| Faculty of Philosophy, Knowledge, Spaces, and Media, Research

Critical self-questioning of liberal democracies

The word "illiberal" is difficult to associate with democracy according to a Western understanding of politics. Rather, individual freedom is nowadays considered a basic element of this form of government. In some countries of East-Central Europe, however, governments have now established themselves that quite offensively propagate an illiberal version as their own variety of democracy and change the respective states accordingly - first and foremost Poland and Hungary. What understanding of the constitution underlies this? What traditions does it build on? And what does this mean for the entire continent? Eastern European experts from the Friedrich Schiller University of Jena want to explore answers to these questions together with colleagues from the Universities of Erfurt, Budapest and Warsaw as well as the Czech Academy of Sciences in Prague. The Volkswagen Foundation is supporting the international project "Towards Illiberal Constitutionalism in East Central Europe: Historical Analysis in Comparative and Transnational Perspectives" within the framework of its funding programme "Challenges for Europe" over the next four years with a total of almost 1.5 million euros (376,360 euros for the sub-project at the University of Erfurt). In addition to historians, researchers from sociology, law and political science are also involved.

"We focus on the question of constitutionalism - that is, the constitutional order and how debates about it were conducted in the respective countries during their formative years in the early 1990s and continue to be conducted today,"

explains Prof. Dr Joachim von Puttkamer from the University of Jena. "Currently, we can observe that different interpretations of what constitutionalism even means have emerged from everyday constitutional practice, which has definitely led to a loss of substance. The political order becomes a façade behind which processes take place that still have to do with the letter of the constitution, but no longer with the ideas originally associated with it." In view of anti-democratic and populist tendencies spreading throughout Europe, the researchers want to know whether this is just a somehow specifically Eastern European deformation or a basic challenge from the core of our understanding of democracy. "In this sense, this research is always also an important critical self-questioning of liberal democracies," says the Jena historian.

Within the framework of the project, Prof. von Puttkamer analyses the ideas of the rule of law and an independent judiciary shortly after the fall of the Iron Curtain in the East-Central European countries. In particular, he takes a look at the period between the First and Second World Wars, in which - similar to Germany - the first democracies developed, from which people turned away earlier - in Hungary as early as 1918 - or later - in Czechoslovakia as late as 1938. Joachim von Puttkamer is particularly interested in the extent to which these first democratic experiences were incorporated into the new national constitutions and constitutional practices after the fall of the communist regimes and possibly had a tradition-forming effect. For countries such as Poland, the Czech Republic or Hungary, there have hardly been any findings on this so far - only the distance of 30 years, which classifies the events as part of recent contemporary history, now opens up new perspectives and the archives.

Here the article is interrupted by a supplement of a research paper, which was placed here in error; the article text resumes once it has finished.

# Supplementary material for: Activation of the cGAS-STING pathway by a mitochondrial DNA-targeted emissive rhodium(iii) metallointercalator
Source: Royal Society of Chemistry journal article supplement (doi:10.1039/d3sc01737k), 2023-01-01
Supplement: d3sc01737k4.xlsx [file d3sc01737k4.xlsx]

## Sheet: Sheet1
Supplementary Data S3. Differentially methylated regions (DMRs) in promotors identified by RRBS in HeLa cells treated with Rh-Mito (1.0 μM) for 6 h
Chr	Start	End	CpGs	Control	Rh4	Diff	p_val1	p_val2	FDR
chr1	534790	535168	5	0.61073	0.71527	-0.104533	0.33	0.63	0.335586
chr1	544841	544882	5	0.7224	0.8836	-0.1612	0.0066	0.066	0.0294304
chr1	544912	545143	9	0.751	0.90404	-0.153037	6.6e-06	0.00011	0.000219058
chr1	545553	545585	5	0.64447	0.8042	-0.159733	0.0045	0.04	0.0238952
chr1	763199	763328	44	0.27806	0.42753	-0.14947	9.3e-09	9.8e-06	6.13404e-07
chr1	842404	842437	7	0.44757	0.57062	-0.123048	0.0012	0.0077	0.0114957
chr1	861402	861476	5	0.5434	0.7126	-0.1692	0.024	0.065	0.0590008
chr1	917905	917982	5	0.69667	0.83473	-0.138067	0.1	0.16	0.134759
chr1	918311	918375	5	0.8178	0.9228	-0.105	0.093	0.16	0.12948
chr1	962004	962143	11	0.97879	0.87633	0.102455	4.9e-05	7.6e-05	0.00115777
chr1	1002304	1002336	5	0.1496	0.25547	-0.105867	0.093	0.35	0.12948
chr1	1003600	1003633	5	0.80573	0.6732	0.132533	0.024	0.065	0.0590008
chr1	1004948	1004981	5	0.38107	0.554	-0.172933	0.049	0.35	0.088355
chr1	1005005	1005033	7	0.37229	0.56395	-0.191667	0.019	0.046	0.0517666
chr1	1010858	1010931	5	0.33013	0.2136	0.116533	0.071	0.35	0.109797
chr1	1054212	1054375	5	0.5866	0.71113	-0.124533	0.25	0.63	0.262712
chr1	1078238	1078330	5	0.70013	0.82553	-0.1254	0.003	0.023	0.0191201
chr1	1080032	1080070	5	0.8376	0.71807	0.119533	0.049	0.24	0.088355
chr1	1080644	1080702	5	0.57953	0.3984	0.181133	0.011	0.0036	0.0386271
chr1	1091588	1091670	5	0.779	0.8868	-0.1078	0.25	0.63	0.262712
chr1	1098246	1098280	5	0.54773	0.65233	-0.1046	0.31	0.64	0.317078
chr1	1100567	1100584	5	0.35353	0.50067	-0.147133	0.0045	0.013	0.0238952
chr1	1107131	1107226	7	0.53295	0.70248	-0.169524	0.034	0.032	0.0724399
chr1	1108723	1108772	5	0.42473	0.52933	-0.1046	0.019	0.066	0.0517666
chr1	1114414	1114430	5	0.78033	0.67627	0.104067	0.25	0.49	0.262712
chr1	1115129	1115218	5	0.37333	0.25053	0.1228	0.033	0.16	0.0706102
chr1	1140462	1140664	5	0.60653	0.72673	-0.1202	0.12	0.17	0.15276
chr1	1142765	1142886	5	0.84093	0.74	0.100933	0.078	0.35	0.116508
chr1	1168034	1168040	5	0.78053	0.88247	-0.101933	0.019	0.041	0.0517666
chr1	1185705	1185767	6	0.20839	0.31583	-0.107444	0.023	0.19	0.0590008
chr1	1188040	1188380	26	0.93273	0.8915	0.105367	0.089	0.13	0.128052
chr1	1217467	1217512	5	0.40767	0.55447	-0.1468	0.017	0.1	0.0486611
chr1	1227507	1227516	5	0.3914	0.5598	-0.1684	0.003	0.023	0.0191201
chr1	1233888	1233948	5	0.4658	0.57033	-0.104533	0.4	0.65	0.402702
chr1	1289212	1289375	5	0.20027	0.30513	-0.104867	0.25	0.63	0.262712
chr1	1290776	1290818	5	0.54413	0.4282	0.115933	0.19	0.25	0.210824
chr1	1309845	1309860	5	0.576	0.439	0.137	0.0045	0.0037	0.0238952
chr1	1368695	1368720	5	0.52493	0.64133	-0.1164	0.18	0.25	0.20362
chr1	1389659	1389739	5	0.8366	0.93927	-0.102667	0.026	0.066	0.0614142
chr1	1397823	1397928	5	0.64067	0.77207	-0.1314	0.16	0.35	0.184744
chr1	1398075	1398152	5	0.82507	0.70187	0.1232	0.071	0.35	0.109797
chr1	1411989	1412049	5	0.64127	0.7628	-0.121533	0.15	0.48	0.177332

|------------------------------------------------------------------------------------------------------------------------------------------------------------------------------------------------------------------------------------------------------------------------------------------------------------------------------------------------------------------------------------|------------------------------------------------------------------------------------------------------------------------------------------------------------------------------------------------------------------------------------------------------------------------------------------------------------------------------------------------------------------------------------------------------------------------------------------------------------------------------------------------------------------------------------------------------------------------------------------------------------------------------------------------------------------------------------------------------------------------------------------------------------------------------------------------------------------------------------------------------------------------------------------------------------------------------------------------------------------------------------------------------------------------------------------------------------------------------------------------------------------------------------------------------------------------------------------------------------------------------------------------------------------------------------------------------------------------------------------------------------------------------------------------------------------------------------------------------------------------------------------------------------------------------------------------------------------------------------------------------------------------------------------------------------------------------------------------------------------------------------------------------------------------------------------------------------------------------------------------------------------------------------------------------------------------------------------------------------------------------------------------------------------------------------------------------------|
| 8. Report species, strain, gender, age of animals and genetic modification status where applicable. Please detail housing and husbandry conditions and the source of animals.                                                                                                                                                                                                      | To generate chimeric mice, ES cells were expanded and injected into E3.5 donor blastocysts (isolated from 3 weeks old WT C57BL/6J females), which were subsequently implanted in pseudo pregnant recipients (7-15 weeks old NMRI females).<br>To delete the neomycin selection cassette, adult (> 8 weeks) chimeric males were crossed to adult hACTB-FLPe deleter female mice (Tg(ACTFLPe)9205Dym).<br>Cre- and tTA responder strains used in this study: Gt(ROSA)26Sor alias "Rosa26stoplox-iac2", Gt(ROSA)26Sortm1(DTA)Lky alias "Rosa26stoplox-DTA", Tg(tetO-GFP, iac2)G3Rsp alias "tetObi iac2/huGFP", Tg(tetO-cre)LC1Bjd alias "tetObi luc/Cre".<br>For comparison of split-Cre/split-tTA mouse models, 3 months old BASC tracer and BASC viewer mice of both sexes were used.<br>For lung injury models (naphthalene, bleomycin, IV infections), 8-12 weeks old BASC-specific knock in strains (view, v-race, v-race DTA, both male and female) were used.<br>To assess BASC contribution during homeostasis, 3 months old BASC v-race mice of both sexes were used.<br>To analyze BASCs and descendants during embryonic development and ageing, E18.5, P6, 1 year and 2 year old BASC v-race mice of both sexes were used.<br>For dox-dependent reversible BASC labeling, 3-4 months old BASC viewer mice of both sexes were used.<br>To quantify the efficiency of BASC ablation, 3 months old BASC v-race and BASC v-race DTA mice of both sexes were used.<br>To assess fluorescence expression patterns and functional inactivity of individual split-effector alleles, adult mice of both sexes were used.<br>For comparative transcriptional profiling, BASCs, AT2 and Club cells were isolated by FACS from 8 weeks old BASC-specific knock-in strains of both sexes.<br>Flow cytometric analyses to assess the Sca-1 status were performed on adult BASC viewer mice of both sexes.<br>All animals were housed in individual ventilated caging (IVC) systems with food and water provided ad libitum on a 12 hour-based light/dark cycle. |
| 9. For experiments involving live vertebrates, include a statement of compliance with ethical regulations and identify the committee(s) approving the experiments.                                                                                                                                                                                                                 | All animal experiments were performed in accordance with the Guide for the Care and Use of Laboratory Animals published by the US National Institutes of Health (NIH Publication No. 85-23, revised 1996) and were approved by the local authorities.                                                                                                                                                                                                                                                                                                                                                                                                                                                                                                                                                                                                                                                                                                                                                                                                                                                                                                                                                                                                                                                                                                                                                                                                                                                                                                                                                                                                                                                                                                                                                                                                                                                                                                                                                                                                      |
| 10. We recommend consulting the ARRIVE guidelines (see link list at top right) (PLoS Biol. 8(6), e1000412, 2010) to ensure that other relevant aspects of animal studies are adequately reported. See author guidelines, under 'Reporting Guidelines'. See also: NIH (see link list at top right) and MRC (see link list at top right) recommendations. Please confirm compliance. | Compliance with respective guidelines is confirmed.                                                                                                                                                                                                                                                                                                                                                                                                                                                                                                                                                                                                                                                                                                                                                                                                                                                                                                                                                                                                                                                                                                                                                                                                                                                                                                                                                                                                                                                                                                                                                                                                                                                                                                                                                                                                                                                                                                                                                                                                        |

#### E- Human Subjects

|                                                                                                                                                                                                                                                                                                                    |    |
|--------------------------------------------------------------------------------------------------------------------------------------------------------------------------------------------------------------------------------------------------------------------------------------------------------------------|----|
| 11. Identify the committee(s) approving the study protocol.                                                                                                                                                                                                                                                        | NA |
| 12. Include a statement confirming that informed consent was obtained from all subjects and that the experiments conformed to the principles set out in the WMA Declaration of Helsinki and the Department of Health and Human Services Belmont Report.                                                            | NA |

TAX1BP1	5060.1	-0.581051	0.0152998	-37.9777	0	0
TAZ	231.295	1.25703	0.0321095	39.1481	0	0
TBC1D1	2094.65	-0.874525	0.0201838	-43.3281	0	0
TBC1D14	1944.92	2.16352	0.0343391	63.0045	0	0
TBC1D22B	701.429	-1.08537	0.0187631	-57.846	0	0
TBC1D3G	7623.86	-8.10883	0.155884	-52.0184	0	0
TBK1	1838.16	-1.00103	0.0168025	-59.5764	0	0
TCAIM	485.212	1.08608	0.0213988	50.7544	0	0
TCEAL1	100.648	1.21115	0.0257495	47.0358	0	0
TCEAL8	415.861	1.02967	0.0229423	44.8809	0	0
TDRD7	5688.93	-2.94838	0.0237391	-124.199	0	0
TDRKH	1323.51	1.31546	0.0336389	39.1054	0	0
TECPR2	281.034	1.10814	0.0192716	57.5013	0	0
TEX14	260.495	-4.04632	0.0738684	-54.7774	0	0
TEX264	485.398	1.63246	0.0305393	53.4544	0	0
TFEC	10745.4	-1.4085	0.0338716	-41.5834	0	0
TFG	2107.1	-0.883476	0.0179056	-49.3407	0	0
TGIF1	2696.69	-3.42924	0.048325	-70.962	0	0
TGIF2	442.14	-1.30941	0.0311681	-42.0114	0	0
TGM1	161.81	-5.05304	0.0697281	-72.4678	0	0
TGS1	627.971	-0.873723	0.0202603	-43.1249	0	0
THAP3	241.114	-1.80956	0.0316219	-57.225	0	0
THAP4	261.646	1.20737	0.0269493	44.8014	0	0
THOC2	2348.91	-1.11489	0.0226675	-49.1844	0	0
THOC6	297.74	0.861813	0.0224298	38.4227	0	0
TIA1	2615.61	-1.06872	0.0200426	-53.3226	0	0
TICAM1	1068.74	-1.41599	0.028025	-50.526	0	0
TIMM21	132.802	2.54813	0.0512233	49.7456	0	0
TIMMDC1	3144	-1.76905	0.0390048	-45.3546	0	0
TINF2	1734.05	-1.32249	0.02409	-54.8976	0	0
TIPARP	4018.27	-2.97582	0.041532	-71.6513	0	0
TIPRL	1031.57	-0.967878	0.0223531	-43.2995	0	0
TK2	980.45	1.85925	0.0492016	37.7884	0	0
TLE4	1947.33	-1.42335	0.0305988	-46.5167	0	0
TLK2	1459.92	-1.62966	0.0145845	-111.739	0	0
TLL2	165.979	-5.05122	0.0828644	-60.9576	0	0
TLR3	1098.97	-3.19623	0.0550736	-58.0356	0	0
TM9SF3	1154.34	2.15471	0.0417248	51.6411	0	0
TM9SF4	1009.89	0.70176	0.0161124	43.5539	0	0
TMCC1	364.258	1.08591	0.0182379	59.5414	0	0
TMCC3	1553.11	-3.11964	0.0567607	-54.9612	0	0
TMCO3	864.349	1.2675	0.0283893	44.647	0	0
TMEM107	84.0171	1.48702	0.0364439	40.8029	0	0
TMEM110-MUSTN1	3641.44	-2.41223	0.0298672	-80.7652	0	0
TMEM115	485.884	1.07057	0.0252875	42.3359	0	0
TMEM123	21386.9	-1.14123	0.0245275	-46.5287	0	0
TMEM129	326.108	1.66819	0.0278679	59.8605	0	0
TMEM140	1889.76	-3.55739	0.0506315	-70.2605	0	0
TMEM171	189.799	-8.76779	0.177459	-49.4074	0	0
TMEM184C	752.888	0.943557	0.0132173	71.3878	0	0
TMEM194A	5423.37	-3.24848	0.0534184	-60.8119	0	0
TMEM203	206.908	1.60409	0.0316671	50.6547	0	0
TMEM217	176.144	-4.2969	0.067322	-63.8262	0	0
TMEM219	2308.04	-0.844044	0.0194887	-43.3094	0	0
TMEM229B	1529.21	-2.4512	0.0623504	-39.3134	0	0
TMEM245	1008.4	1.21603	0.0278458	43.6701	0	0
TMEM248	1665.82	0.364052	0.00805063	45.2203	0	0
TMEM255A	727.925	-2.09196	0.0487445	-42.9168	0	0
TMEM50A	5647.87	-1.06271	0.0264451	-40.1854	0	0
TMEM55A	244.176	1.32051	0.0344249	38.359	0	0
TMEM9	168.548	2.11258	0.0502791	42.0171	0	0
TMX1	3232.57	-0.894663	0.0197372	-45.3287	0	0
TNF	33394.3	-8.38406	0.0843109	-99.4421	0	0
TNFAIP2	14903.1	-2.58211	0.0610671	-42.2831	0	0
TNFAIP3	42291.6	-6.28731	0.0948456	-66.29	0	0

"In Germany, we have made the normative observation that - in order to build a functioning democracy - one has to deal with why earlier attempts failed.

This was also done extensively in the 1970s and 1980s in the Federal Republic," explains the co-director of the Imre Kertész Kolleg in Jena. "From the current handling of the Weimar Republic, we also learn that democracy also needs a need for positive connecting points of historical memory and not only the admonition through early failure.

Another case study within the project deals with the interpretation of legality and the rule of law in Poland and in the new German states: In it, Dr Ned Richardson-Little, a historian in Erfurt, examines how these East Central European experiences can serve to understand processes in the former GDR. A Hungarian lawyer examines from a jurisprudential perspective how illiberal practices in Hungary are visibly gaining acceptance in a Western European comparison. And a colleague in Prague is researching how debates about juridification and expertise have shaped the more management-oriented understanding of democracy in the Czech Republic.

The new project is intended in particular to help young scholars network with each other in order to place research of this kind on a broader cross-national foundation in the future.

Further information / Contact:
Prof. Dr. Joachim von Puttkamer
Imre Kertész Kolleg der Universität Jena
Tel.: 03641 / 944070
email: joachim.puttkamer@uni-jena.de